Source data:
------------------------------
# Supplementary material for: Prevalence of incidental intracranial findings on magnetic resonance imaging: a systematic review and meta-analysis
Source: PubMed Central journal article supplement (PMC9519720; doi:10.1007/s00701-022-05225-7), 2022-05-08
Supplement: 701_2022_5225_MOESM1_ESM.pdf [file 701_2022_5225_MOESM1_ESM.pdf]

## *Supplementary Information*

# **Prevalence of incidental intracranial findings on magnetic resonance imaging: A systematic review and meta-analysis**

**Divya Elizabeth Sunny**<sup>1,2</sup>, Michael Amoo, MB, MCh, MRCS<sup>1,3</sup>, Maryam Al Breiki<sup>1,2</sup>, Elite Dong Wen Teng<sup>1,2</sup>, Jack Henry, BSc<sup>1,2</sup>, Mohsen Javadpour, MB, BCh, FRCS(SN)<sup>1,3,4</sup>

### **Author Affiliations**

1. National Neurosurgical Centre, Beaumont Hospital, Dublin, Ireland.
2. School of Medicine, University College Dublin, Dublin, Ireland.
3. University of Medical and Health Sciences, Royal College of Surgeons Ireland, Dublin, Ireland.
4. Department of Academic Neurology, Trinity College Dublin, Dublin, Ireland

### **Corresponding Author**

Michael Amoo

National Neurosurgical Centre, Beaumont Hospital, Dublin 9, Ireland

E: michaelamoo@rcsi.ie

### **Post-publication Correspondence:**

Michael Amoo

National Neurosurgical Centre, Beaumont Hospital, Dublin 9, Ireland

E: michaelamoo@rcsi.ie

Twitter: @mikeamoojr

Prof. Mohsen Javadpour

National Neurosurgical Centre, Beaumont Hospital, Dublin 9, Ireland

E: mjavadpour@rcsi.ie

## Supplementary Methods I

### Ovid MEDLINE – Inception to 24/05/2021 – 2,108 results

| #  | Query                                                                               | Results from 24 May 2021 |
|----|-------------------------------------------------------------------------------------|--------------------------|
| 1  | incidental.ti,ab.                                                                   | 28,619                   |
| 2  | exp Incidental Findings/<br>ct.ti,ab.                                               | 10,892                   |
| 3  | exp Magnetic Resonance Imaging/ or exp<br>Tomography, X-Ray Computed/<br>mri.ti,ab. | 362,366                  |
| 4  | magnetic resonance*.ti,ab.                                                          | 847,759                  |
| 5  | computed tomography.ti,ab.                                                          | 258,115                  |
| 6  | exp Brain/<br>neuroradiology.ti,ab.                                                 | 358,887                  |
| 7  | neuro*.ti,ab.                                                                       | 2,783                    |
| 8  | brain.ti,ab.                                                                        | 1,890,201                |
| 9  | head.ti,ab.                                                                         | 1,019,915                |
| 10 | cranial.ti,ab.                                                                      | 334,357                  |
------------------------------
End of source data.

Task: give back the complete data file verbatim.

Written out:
# Supplementary material for: Prevalence of incidental intracranial findings on magnetic resonance imaging: a systematic review and meta-analysis
Source: PubMed Central journal article supplement (PMC9519720; doi:10.1007/s00701-022-05225-7), 2022-05-08
Supplement: 701_2022_5225_MOESM1_ESM.pdf [file 701_2022_5225_MOESM1_ESM.pdf]

## *Supplementary Information*

# **Prevalence of incidental intracranial findings on magnetic resonance imaging: A systematic review and meta-analysis**

**Divya Elizabeth Sunny**<sup>1,2</sup>, Michael Amoo, MB, MCh, MRCS<sup>1,3</sup>, Maryam Al Breiki<sup>1,2</sup>, Elite Dong Wen Teng<sup>1,2</sup>, Jack Henry, BSc<sup>1,2</sup>, Mohsen Javadpour, MB, BCh, FRCS(SN)<sup>1,3,4</sup>

### **Author Affiliations**

1. National Neurosurgical Centre, Beaumont Hospital, Dublin, Ireland.
2. School of Medicine, University College Dublin, Dublin, Ireland.
3. University of Medical and Health Sciences, Royal College of Surgeons Ireland, Dublin, Ireland.
4. Department of Academic Neurology, Trinity College Dublin, Dublin, Ireland

### **Corresponding Author**

Michael Amoo

National Neurosurgical Centre, Beaumont Hospital, Dublin 9, Ireland

E: michaelamoo@rcsi.ie

### **Post-publication Correspondence:**

Michael Amoo

National Neurosurgical Centre, Beaumont Hospital, Dublin 9, Ireland

E: michaelamoo@rcsi.ie

Twitter: @mikeamoojr

Prof. Mohsen Javadpour

National Neurosurgical Centre, Beaumont Hospital, Dublin 9, Ireland

E: mjavadpour@rcsi.ie

## Supplementary Methods I

### Ovid MEDLINE – Inception to 24/05/2021 – 2,108 results

| #  | Query                                                                               | Results from 24 May 2021 |
|----|-------------------------------------------------------------------------------------|--------------------------|
| 1  | incidental.ti,ab.                                                                   | 28,619                   |
| 2  | exp Incidental Findings/<br>ct.ti,ab.                                               | 10,892                   |
| 3  | exp Magnetic Resonance Imaging/ or exp<br>Tomography, X-Ray Computed/<br>mri.ti,ab. | 362,366                  |
| 4  | magnetic resonance*.ti,ab.                                                          | 847,759                  |
| 5  | computed tomography.ti,ab.                                                          | 258,115                  |
| 6  | exp Brain/<br>neuroradiology.ti,ab.                                                 | 358,887                  |
| 7  | neuro*.ti,ab.                                                                       | 2,783                    |
| 8  | brain.ti,ab.                                                                        | 1,890,201                |
| 9  | head.ti,ab.                                                                         | 1,019,915                |
| 10 | cranial.ti,ab.                                                                      | 334,357                  |